2.- We also have to pay health insurance. But it is just a normal bill per month. We just put it in the budget. I personally pay the equivalent of about 150 USD per month. I don't put it on credit.

3.- If you are young and can't afford a house then don't buy one. The mortgage only makes sense if in real terms it saves you
rent money and by real terms I real mean doing the math on the cost of the mortgage and the closing charges, etc. vs the price of the rent. The kids will grow just as fine in a rented apartment as in a house.

4.- "wish to buy" can include too many things you don't need. And getting "mocked" for owing a "simple" car as a need for credit to buy something more sofisticated doesn't sound to me like a strong argument.

I stay ut of businesses because I was just talking about individuals but I still find it bad planning when a farmer that grows stuff year after year fails to just set aside a portion of last years income for next year seeds.

Guest's picture

(FYI, I don't own a house. I buy cars with cash. I went to a public college. I've used all kinds of health care payment schemes.)

The reasons I listed were not the ones I use, but the ones the markets/banks/average people use to justify the need for credit. I think they're relatively legitimate reasons, because there are many things that are very difficult to save for, and the benefits outweigh the cost of the debt.

A car loan makes sense in the same way as a school loan -- it's all about timing and work. Many jobs require a car, or living in a low-rent neighborhood often implies a lack of reliable bus service. If riding the bus to work costs you a few hours a day, and results in a smaller paycheck or limited opportunities, then the car loan makes sense.

Getting a mortgage, if you have kids, often makes sense, even if it costs more than renting. You gain equity in the house. You also don't face rising rents. If you care about schools - you often find that the public schools in areas with families with mortgage burdens can be good, because the parents are all in the system, and have "skin in the game".

Debt is a kind of bondage... but with bondage, you can institute discipline. BDSM - Bondage and Discipline, Stability for Markets. At least that's the idea.

Guest's picture
Jay Kay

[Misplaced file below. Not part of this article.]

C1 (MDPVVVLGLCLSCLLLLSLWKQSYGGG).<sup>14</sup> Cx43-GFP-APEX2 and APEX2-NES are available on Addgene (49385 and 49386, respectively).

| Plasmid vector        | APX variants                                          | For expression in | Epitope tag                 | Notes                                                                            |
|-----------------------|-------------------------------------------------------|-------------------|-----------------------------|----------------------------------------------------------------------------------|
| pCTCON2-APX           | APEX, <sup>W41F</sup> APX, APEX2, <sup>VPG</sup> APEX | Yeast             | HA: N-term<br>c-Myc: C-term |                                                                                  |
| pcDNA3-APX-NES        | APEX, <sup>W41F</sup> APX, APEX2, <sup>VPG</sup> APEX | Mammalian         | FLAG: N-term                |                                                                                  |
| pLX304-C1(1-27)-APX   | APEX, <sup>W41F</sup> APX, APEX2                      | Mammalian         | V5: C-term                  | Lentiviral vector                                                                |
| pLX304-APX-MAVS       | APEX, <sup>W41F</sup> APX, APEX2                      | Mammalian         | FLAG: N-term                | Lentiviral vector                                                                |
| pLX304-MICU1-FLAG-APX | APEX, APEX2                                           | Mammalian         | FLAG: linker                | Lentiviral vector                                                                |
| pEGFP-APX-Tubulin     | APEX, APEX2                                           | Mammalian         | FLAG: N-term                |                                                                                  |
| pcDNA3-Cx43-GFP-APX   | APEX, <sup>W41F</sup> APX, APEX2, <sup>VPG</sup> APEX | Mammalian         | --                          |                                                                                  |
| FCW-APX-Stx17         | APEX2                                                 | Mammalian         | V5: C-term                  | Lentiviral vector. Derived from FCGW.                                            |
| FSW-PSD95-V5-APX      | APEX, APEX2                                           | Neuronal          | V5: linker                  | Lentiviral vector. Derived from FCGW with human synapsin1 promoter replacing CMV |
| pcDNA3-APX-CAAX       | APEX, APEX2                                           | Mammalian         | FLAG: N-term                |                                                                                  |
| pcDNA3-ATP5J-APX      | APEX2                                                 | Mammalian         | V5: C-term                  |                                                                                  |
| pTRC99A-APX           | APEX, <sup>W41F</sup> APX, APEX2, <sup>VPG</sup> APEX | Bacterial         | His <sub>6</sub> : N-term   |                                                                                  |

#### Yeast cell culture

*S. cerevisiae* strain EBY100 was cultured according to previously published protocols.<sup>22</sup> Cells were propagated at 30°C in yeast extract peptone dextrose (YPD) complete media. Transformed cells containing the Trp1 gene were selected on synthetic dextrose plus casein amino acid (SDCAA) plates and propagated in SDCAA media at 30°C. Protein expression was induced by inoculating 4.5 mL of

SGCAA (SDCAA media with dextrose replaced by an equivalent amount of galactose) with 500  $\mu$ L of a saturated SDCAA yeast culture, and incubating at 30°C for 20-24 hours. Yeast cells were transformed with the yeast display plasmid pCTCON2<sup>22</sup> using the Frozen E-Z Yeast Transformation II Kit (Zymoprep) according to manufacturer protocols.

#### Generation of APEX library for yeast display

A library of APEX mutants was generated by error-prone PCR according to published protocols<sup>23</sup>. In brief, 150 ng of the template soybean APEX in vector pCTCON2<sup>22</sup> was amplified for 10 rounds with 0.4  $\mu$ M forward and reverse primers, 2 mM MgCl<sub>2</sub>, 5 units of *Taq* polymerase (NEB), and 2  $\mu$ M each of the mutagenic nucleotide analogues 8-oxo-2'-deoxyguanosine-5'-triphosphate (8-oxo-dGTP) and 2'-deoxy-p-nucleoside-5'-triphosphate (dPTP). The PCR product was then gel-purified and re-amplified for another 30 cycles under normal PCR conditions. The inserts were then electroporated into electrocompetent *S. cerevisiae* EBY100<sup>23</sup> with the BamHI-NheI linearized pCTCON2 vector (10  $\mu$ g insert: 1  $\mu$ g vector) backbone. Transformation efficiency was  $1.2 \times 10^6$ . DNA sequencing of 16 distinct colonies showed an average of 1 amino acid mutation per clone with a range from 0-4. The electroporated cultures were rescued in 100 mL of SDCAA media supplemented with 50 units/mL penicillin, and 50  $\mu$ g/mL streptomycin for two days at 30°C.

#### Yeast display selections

1) We're in this mess because we (individuals and the country as a whole) have been living way beyond our means. We consume too much and don't produce enough. This has been largely caused by the gov't itself (Fed, Fannie, Freddie, etc.) by making too much money too easily available (read: too much credit, too cheaply available). The chickens are now coming home to roost.

2) I'm afraid the fix is for the country to endure lots of pain and get off the credit merry-go-round, including the government. If you havn't noticed among all the talk about credit cards (individual debt), our gov't is the biggest debtor in the world. Individuals are going bankrupt but our gov't has been bankrupt for a long time now. Trying to fix this mess by creating MORE cheap credit will, at best, only push the problems further into the future when they will become even more severe. Individuals, companies and banks are rapidly "deleveraging" (read: reducing debt). Our gov't is still going in the opposite direction.

3) people talk about the "Global Crisis" but we seldom hear about the fact that we (the U.S.) are the cause.

4) A personal note: I've had an average-paying job all my working life (I'm now 65 and still working). My wife also worked for most of our married life. We bought our first house (after living in apartments for a couple of years) with 30% down payment and a 6% mortgage. We put 6 kids through private (read: expensive) secondary school without credit. We never bought a car using credit until just a month ago, and the reason we did that was that it would have been silly not to take their money for 3 years for free (0% interest) while our money sits in CDs earning money. We simply never had a new car. Never bought a car we couldn't afford.

We use credit cards a) for convenience and b) to get the cash back they give us. We never carry a balance and so never pay any interest. We realize we're not their favorite customers and the day they start charging us fees for not carrying a balance will be the day we dump the cards.

5) I'm sorry. As I re-read this post it really sounds like I'm crowing. My only intention is to try to point out what kind of excesses our gov't and many of our citizens have indulged in and what a different approach looks like. People like Dave Ramsey and other financial advice gurus recommend this kind of approach (Dave even recommends buying a house for cash!!).

Guest's picture

The only bad thing about the difficulty getting private student loans is that the people who are in school now or going into college may not have the money to go to school withouth them. Yes, it would be great if the schools would lower tuition or give out more grant money but that can take YEARS to happen and does not good to those that are trying to complete their degree now.

Guest's picture

I don't think you realize how much available credit has been cut from the general public in the past 18 monhts, about $1-trillion of un-used balances, with another $2 trillion to go. If you have an 800 Fico Score, you wouldn't be aware of this, but the average american, has a Fico score under 720, and they have all had thier available limits cut back. An average guy with only a $3,000 to $5,000 balance available, has had his line cut anywehre from 30%, to just a hair over whatever the outstanding balance is right now. That little game causes lots of over-limit events, which causes fines that result in 35% to 50% interest returns to the credit card lender, and stretch truth-in-lending laws to the limits.

Bottom line, look out Christmas, that card debt is what the average american has been using to buy X-mas gifts for the past 15 years, and this year....they don't have it. Retialers are in for a shocker of a lifetime, that nobody is really admitting to.